White food is supposedly unappetizing. Tom Colicchio, on “Top Chef,” will mark down a plate of food if everything on it is white or beige. I see his point: there’s something almost clinical about a plate of white food. That’s why parsley’s such a useful ingredient to have around; it’s an easy color-solution, the flecks of green create a vibrancy and sparkle a plain plate of white food just doesn’t have.
That said, there’s always one plate of white food that makes me smile. It makes me smile because it’s white food with a secret; a plate of white food that explodes with flavor. And that, faithful readers, is my Heaven & Hell Cauliflower Pasta.
I call it my Heaven & Hell Cauliflower pasta, but it’s really a riff on a recipe from the Zuni Cafe Cookbook: “Pasta with Spicy Broccoli and Cauliflower.” That recipe has nice color contrast between the broccoli and the cauliflower and if you’re concerned about color, you can make that dish and be very happy.
But usually, I don’t want to buy broccoli AND cauliflower. And somehow, over the past few years, this recipe just evolved for me. Maybe because it’s easy to grab a box of ziti and a head of cauliflower (the grand total? $5), go home and using ingredients I already have on hand (anchovies, garlic, red pepper flakes, and fennel seeds) create a pretty intensely flavorful dinner.
That’s the secret, by the way, of the cauliflower pasta. Those flavors–again: anchovies, garlic, red pepper flakes, and fennel seeds–are so powerful together, you’ll take one bite and feel totally corrupted. That’s where the “Hell” part of the title comes from; those flavors are so bad-ass, they’re definitely going to hell. And the heaven, of course, because it looks almost all-white.
One technique I’ve developed, after years of making this, amplifies those flavors even more. Judy Rogers, in the Zuni book, has you caramelize the cauliflower and broccoli, then add the garlic, anchovy, etc and cook that along with the veg until you add the pasta. Now, I conserve half the garlic mixture and only add it at the very, very end, so yes, the finished plate has raw garlic and raw anchovy but so, for that matter, does a Caesar salad and you don’t hear anyone complaining about that, do you?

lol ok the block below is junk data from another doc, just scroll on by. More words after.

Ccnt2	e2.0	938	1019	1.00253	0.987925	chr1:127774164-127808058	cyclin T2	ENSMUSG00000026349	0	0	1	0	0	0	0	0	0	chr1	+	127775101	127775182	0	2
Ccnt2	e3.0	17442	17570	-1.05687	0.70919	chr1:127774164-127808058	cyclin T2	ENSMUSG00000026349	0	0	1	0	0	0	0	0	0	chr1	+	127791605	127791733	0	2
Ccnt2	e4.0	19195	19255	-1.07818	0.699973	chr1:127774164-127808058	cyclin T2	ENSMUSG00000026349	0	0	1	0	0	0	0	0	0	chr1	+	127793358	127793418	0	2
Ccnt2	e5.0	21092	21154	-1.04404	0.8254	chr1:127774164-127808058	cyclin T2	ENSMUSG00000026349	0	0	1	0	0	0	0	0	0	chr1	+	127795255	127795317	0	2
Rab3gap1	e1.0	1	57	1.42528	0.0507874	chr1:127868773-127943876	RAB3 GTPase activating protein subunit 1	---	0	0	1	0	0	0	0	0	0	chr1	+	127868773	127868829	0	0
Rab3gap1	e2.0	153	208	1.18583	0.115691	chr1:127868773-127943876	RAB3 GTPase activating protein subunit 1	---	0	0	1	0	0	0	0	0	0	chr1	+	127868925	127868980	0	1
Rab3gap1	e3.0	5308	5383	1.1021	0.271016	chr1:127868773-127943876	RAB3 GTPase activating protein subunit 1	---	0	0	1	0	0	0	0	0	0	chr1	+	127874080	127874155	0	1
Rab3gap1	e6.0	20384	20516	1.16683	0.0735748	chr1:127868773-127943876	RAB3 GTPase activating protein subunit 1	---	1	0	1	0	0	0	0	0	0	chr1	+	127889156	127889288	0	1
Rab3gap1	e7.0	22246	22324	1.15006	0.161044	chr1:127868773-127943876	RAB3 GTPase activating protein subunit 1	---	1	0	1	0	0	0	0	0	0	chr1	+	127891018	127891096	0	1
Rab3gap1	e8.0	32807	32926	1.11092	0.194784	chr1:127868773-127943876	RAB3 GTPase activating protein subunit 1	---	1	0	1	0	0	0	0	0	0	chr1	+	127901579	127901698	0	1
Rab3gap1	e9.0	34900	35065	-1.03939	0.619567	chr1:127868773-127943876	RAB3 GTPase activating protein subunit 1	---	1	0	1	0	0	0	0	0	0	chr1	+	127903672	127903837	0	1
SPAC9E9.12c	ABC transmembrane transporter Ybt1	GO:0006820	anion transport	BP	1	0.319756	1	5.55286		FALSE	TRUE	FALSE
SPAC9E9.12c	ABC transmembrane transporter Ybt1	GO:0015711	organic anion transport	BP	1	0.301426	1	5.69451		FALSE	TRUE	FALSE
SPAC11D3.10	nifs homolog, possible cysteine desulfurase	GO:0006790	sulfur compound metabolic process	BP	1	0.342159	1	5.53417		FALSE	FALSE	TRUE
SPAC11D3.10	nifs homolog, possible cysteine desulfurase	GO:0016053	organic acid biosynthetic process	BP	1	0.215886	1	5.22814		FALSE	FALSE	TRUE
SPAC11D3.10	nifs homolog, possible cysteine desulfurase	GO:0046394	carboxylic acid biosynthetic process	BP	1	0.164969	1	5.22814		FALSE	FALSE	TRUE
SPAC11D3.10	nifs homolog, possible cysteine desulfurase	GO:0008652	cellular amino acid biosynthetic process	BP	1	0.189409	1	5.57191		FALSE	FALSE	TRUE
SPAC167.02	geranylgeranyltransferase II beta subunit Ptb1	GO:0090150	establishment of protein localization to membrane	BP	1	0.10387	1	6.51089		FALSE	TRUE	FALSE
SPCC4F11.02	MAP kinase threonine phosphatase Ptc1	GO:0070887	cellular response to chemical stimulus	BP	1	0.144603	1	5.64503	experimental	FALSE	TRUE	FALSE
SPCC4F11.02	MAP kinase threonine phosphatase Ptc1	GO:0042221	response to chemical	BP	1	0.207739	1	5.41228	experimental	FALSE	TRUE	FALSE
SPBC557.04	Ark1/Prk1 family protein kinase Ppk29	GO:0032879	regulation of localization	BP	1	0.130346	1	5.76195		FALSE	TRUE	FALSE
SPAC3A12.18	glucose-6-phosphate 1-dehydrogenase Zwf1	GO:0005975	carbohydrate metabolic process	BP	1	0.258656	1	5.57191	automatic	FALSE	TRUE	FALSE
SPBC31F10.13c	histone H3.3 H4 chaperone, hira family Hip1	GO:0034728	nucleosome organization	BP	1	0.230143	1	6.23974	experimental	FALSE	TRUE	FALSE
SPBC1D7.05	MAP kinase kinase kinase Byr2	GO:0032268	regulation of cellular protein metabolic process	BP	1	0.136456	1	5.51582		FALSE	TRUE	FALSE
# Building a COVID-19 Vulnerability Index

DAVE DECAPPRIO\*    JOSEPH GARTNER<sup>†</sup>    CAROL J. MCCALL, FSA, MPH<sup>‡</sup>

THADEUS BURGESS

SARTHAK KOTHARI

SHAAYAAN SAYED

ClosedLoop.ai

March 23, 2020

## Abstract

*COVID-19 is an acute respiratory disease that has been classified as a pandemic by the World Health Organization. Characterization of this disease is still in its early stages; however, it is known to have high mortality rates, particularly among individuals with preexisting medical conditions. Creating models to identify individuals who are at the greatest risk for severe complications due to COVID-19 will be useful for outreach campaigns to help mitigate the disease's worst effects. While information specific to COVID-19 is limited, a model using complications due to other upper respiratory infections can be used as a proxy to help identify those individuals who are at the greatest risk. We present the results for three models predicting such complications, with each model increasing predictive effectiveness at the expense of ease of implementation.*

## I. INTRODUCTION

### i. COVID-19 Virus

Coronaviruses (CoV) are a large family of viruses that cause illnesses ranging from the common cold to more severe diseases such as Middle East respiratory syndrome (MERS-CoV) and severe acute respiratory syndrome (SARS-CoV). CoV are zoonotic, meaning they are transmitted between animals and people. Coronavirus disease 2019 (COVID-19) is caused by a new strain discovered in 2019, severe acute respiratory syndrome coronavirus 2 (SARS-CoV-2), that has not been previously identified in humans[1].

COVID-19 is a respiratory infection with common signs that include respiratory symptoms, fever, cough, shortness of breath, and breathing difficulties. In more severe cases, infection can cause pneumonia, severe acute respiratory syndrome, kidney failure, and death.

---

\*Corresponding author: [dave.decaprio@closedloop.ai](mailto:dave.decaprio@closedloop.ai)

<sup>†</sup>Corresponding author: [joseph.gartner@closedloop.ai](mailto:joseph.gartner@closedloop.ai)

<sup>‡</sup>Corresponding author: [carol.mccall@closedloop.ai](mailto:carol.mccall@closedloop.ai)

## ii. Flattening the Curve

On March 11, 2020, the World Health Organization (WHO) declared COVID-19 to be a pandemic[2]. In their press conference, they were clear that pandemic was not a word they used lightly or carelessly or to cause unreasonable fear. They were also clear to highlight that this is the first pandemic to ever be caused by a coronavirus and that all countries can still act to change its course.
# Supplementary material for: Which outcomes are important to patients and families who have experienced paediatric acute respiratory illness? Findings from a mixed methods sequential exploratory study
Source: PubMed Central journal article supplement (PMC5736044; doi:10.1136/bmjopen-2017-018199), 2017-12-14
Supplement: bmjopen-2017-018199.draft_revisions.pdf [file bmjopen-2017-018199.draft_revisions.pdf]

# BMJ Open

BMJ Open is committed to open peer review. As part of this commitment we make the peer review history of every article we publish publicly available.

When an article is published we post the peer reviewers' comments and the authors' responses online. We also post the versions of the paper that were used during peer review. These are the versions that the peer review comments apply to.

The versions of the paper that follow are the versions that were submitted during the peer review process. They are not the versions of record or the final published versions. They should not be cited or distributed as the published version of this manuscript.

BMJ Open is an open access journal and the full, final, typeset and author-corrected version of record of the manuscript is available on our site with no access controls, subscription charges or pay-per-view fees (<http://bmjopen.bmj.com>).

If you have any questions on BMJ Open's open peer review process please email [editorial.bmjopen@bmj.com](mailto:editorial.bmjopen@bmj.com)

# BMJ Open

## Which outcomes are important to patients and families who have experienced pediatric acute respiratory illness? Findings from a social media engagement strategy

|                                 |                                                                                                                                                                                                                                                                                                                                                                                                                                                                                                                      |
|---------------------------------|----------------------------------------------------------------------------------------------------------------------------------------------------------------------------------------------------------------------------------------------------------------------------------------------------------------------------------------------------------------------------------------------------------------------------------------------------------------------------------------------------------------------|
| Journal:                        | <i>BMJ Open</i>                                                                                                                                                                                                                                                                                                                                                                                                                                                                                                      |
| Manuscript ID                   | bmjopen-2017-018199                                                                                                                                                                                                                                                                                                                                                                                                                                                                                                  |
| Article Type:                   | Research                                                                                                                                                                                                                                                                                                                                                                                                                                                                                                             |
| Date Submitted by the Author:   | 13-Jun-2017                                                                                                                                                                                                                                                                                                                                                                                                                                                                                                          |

[Note: in the above picture you can see the empty spice bowl, with the fennel seeds, garlic, etc. That bowl is a bowl of SIN.]
I make this pasta at least once a month; it makes us feel a tiny bit wholesome from the cauliflower (another reason for the “Heaven” in the title) but naughty from all the olive oil and bad-breath inducing ingredients (the “Hell”). Are you ready to whip up a wicked plate of white food? Here’s the recipe.
Heaven & Hell Cauliflower Pasta
adapted from Judy Rodgers’ “Zuni Cafe Cookbook”
1 head of cauliflower, cut into florets
Extra virgin olive oil
8 cloves of garlic, chopped
1 tin of anchovies, chopped (I know, I know, it’s a lot: trust me)
1 – 2 Tbs fennel seeds
Red pepper flakes to taste (depending on how spicy you like it)
1 pound pasta (ziti works best)
Grated Parmesan or Pecorino cheese
1. Bring a large pot of water to a boil.
2. In a large saute pan, coat the bottom with olive oil and turn up the heat to medium-high. Leave it for a minute or two until adding a piece of cauliflower makes it sizzle.
3. In a bowl, combine the garlic, the anchovies, the fennel seeds and red pepper. This is your bowl of flava.
4. When the oil is hot enough, add half your cauliflower: or just enough so it’s all in one layer. Leave it for a bit (a few minutes) then toss around until the cauliflower is a deep, golden brown all over. Season with salt and pepper.
5. Remove the caramelized cauliflower to a plate and add the other half of the raw cauliflower and repeat this step. You may need to add more oil too, depending on how much the first batch absorbed.
6. Cook the rest of the cauliflower until golden brown (don’t forget to season it too; taste, so you know if it tastes good), add the rest of the cauliflower back in and then add HALF your spice mixture.
7. At the same time that you add half your spice mixture, your water should be at a boil. If it’s not, wait to add the spices or the garlic might burn. If your water’s at a boil, add a LOT of salt (the water should taste salty, like the sea) and then add a box of penne or ziti to the boiling water. Stir around so it doesn’t stick together.
8. As the pasta cooks, stir the cauliflower around along with half the spice mixture: about 30 seconds or so. Then ladle in a big ladleful of the pasta cooking water to the cauliflower pan. This’ll be your “sauce.” If the water sputters and spurts when you add it, lower the heat. How much water really depends on how long it takes the pasta to cook and how much water the cauliflower absorbs. Suffice it to say, you don’t want it to be soupy; just thickish liquid at the bottom of the pan.
9. When the pasta’s done cooking (start tasting it after 5 minutes; it should be pretty al dente when you add it to the cauliflower mixture) lift the cooked pasta into the cauliflower using a slotted spoon or, much better, a spider. (You can buy them in Chinatown for $5.)
10. Stir the pasta together with the cauliflower with the heat still on until you’re happy with the amount of liquid in there (the pasta tubes will carry some water with them too). I usually do it until there’s no liquid left at the bottom of the pan.
11. Take the pan off the heat and add, in no particular order: a splash of cold olive oil (it’s an Italian trick via Mario Batali’s show), the rest of the spice mixture and then your grated cheese. Stir all around and taste.
Pretty fantastic, eh? Not pretty enough for company or even, really, a food blog. But so what: we’re all friends here, aren’t we? Heaven may be a place on Earth, but this pasta’s a fast pass on the Highway to Hell.
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